We often emphasize the importance of keeping cool in a crisis. But sometimes coolness can give way to detachment and apathy.

Read the rest of this entry »

Emotional Intelligence and Faces

braintop Paul Ekman has conducted extensive research on identifying emotions through facial expressions. As part of that research, and as part of the power of discipline and training, he learned how to consciously manipulate 42 facial muscles, including many that in most of us are beyond our control, and even awareness.

In the 60s and 70s when Ekman began looking into the universality of facial expressions, all the major contemporary social scientists, like Margaret Mead, believed that expressions were culturally learned, not innate. He proceeded traveled all over the world with pictures of people making distinct facial expressions and found people in cultures everywhere, from modern to stone age, agreed on the emotion behind the expression. He then turned to studying the production of these expressions and the 43 facial muscles that can create 10,000 expressions, which form the basis of his training.

He found seven universal emotions with unique facial expression. The emotions are: anger, fear, sadness, disgust, happiness, surprise, and contempt. At least five of these are shared with non-human primates as well. Interestingly, the smile is the easiest expression to recognize, and the easiest to identify from afar. These emotions have a specific Read the rest of this entry »

Neurotechnology, Health and Brain Fitness News

Today we have a number of industry announcements:

1) New editions of these Blog Carnivals (collections of blog posts around specific topics)

2) The Neurotechnology Industry Organization has launched a Neurotech Job Board dedicated to commercial neuroscience (mostly focused on clinical applications, like drugs and devices, not so much on prevention, health & wellness). And the Kaiser Foundation Rehabilitation Center is looking for a Research Project Manager.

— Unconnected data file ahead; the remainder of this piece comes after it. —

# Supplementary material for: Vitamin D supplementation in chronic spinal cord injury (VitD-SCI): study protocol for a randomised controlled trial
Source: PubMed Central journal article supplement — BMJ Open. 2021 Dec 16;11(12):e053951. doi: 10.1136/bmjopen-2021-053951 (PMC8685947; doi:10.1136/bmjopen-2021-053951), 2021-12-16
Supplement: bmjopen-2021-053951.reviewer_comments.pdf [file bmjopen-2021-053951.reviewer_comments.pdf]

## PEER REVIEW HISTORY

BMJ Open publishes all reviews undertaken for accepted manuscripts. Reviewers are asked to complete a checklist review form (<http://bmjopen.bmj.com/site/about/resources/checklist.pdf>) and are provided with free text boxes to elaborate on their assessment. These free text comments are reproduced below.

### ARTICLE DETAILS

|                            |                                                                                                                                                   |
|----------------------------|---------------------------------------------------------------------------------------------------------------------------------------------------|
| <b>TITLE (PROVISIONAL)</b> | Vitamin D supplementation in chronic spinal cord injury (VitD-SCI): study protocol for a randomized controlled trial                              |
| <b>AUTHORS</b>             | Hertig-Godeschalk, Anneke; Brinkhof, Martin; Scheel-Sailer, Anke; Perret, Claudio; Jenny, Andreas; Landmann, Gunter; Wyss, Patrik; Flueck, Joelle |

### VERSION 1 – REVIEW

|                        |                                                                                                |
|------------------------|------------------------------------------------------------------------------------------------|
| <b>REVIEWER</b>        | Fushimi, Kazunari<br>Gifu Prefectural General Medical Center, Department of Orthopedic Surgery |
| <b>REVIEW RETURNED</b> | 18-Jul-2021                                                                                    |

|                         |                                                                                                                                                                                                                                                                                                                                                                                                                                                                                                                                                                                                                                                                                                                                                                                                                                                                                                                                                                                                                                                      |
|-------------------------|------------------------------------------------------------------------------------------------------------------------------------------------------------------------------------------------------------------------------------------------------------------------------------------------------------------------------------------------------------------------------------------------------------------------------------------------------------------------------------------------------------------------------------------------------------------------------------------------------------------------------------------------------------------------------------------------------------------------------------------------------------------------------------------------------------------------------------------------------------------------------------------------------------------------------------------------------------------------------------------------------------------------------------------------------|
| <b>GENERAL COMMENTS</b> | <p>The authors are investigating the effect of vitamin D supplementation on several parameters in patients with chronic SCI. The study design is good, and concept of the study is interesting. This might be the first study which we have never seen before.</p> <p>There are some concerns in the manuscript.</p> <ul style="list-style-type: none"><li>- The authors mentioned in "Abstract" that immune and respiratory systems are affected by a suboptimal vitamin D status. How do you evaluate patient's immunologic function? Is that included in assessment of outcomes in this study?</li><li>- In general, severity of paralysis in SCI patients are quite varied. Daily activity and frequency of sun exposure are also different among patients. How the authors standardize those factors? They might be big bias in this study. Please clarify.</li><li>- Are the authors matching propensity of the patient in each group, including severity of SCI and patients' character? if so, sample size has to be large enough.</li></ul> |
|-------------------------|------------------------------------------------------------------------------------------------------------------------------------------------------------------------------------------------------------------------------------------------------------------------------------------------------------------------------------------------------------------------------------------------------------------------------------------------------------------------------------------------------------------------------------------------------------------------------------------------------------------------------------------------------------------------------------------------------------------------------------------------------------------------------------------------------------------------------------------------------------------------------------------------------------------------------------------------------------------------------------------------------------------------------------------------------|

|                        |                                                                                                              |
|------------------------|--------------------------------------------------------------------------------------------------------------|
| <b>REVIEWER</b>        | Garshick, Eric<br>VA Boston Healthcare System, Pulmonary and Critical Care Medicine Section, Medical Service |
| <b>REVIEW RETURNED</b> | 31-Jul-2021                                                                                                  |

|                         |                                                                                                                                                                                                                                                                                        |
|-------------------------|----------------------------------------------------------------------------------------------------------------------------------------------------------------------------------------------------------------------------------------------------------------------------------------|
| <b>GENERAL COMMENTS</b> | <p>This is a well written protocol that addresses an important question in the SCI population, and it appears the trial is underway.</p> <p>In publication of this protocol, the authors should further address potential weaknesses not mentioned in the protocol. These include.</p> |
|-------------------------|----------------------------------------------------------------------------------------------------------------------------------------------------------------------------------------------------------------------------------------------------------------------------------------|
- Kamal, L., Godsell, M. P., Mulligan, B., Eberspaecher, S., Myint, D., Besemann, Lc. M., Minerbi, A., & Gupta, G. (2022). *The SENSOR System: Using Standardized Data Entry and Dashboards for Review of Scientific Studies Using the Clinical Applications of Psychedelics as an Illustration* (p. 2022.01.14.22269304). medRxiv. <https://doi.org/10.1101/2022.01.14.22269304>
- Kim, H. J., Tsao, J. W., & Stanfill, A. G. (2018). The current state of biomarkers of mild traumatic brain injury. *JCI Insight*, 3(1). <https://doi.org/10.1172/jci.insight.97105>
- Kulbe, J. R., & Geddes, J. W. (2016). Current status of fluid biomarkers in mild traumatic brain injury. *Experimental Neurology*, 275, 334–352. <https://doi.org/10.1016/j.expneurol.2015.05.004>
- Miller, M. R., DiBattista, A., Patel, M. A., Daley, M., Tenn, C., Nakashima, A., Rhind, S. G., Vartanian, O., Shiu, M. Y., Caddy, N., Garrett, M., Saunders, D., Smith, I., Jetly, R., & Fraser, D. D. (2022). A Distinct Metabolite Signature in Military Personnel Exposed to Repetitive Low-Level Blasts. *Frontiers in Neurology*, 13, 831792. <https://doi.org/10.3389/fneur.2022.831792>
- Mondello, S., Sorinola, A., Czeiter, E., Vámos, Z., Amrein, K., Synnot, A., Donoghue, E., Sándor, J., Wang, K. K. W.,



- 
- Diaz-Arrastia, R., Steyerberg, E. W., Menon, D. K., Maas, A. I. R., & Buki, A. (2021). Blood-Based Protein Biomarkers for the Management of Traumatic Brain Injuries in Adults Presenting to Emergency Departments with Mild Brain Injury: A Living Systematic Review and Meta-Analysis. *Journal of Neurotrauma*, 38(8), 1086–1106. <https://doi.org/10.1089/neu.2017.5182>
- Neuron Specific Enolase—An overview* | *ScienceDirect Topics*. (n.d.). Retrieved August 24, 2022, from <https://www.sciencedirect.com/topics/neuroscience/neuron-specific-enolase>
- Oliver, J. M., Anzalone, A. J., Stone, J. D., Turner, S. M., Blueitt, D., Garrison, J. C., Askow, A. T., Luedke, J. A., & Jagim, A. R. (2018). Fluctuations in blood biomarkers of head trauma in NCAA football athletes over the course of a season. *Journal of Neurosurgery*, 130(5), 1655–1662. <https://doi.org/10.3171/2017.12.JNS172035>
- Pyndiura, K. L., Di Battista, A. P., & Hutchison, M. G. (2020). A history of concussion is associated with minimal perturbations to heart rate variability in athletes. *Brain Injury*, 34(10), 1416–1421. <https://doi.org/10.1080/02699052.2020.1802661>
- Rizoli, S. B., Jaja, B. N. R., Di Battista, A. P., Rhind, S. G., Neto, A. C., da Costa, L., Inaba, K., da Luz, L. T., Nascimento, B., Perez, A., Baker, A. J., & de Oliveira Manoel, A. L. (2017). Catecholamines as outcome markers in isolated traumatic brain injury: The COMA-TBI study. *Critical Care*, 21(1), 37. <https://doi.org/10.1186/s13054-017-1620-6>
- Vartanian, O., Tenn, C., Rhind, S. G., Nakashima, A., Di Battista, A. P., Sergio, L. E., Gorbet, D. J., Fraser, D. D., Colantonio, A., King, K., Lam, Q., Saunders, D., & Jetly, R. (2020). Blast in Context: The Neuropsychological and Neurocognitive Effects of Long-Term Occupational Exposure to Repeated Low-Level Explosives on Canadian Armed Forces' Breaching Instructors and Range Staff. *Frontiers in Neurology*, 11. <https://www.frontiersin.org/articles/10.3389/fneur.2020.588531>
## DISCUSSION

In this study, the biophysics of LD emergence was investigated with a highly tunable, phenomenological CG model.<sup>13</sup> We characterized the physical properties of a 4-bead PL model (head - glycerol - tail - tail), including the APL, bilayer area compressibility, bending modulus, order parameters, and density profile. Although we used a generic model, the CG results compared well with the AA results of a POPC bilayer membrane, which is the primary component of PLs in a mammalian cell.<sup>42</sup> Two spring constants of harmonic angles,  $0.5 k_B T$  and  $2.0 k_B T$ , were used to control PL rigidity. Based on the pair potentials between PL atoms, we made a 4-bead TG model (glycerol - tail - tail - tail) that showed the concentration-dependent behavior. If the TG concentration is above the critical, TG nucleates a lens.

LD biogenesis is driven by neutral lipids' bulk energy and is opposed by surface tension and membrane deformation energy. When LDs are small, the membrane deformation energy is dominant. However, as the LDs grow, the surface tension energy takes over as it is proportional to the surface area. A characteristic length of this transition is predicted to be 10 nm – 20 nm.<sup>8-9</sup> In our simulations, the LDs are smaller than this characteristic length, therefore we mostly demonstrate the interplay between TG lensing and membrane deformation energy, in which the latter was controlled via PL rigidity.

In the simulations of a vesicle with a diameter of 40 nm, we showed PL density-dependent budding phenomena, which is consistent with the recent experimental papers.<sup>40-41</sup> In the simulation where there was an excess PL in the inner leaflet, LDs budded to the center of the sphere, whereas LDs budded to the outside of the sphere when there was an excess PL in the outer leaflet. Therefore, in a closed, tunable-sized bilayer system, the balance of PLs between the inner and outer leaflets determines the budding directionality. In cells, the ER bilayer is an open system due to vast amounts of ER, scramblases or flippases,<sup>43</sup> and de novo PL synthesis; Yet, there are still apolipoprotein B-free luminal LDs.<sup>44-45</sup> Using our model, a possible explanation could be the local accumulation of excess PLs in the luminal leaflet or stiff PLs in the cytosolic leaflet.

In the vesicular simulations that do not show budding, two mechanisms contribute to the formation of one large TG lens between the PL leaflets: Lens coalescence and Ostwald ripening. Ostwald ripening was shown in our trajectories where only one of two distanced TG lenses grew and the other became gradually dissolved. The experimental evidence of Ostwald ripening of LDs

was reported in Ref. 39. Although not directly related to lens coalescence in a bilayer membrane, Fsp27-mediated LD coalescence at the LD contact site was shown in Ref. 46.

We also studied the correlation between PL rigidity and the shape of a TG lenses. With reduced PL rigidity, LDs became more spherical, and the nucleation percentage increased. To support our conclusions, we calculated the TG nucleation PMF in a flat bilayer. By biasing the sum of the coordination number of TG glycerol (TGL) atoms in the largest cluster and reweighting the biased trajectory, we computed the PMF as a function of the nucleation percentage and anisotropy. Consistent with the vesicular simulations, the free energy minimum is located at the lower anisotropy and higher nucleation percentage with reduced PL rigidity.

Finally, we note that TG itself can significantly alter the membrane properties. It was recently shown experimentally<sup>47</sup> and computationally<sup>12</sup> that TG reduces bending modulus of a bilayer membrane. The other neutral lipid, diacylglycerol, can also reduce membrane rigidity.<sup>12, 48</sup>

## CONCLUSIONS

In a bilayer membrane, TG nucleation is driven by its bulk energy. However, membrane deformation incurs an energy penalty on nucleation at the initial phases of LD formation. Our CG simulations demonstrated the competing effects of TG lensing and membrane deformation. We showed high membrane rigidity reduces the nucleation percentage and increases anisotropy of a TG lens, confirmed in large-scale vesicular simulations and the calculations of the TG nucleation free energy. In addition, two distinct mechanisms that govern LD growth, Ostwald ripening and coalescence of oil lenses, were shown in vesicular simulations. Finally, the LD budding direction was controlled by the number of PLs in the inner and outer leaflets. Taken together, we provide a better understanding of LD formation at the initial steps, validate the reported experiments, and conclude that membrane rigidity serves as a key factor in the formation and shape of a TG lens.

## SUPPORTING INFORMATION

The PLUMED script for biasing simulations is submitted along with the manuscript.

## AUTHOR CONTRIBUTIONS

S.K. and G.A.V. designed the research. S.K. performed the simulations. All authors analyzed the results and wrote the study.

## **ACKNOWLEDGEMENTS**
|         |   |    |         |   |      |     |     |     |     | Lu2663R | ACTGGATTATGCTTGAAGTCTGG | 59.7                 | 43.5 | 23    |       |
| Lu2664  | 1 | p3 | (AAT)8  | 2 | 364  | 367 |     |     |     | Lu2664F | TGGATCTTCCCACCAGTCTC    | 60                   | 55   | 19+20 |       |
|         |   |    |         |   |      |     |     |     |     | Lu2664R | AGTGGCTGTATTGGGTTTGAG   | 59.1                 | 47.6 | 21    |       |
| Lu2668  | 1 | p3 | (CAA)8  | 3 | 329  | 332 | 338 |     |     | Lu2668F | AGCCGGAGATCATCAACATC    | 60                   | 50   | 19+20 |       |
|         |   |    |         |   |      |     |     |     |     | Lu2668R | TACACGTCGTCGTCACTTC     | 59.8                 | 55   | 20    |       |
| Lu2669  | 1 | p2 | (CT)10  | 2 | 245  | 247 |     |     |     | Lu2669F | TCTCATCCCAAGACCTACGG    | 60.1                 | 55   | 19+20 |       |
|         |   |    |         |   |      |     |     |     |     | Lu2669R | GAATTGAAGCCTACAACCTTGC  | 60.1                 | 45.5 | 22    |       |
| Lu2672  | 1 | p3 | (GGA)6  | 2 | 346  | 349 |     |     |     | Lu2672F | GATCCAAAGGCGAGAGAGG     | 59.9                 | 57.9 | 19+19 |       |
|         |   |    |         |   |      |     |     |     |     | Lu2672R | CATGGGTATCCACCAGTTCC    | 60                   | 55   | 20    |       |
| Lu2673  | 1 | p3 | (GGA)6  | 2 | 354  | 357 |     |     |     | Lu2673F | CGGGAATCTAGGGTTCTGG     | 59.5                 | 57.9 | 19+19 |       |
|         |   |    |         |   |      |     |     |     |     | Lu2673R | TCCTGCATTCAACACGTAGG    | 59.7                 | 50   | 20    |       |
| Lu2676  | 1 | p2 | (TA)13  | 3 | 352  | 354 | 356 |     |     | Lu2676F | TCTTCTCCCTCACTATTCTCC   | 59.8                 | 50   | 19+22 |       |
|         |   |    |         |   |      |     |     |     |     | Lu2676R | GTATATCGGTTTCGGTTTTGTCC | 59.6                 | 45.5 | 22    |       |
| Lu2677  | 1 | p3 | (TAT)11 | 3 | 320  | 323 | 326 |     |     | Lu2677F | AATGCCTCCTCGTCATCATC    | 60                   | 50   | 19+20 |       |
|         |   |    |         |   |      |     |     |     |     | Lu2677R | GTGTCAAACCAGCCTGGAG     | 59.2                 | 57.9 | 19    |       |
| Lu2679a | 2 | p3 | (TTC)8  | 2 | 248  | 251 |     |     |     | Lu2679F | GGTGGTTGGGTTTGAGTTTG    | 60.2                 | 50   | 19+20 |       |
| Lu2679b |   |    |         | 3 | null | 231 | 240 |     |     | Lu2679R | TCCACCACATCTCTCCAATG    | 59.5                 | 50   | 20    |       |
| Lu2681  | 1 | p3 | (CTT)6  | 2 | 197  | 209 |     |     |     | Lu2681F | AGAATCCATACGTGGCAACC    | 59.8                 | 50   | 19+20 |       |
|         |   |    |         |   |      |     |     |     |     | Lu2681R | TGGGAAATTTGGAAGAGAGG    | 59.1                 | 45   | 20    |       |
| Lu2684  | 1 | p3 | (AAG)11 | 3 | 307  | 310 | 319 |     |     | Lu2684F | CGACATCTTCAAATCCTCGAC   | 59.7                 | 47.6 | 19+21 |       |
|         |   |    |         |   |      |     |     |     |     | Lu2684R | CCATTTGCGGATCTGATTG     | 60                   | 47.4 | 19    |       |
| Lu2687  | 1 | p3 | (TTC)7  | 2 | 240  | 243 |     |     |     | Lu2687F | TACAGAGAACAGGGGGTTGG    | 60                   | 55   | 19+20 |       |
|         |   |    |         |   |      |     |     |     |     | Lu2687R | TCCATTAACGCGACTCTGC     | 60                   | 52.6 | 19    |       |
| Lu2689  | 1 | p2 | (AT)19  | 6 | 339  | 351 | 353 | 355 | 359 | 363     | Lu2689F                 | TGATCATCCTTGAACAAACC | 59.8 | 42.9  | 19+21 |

3) The American Association for the Advancement of Science has finally released a report of the human enhancement workshop that took place in June 2006. Read more about it at Zack’s blog.

4) Stephanie West Allen and Dr. Jeffrey Schwartz announce the Schedule of Events for their Brains On Purpose™ Seminars (“looking at conflict and the process of conflict resolution through the lens of neuroscience”): Colorado in October and Portland in November.

5) Registration is now open for my class on The Science of Brain Health and Brain Fitness (more here), October 9 30, at UC Berkeley Osher Lifelong Learning Institute (OLLI).

6) A couple of great Read the rest of this entry »

Daniel Goleman and Social Intelligence

The Financial Times has a fun interview today as part of their “Lunch with the FT” series.

Daniel Goleman is the author of bestseller Emotional Intelligence and is now promoting his recent book Social Intelligence.

An quote from the interview:

– The journalist asks, “So how do the rest of us get better?”.

– The answer, he says, is very simple: by listening.

Listening poorly is the common cold of social intelligence. And it’s being made worse by technology. To have a human moment, you need to be fully present. You have to be away from your laptop, you put down your BlackBerry, you end your daydream and you pay full attention to the person you’re with. It may sound rudimentary, but think about how often we just keep multitasking and half pay attention. You can overcome that by becoming mindful of what is happening.

Keep reading the FT article Poetry in emotion.

And Social Intelligence and Mirror Neurons

Learn more & Register today at early-bird rates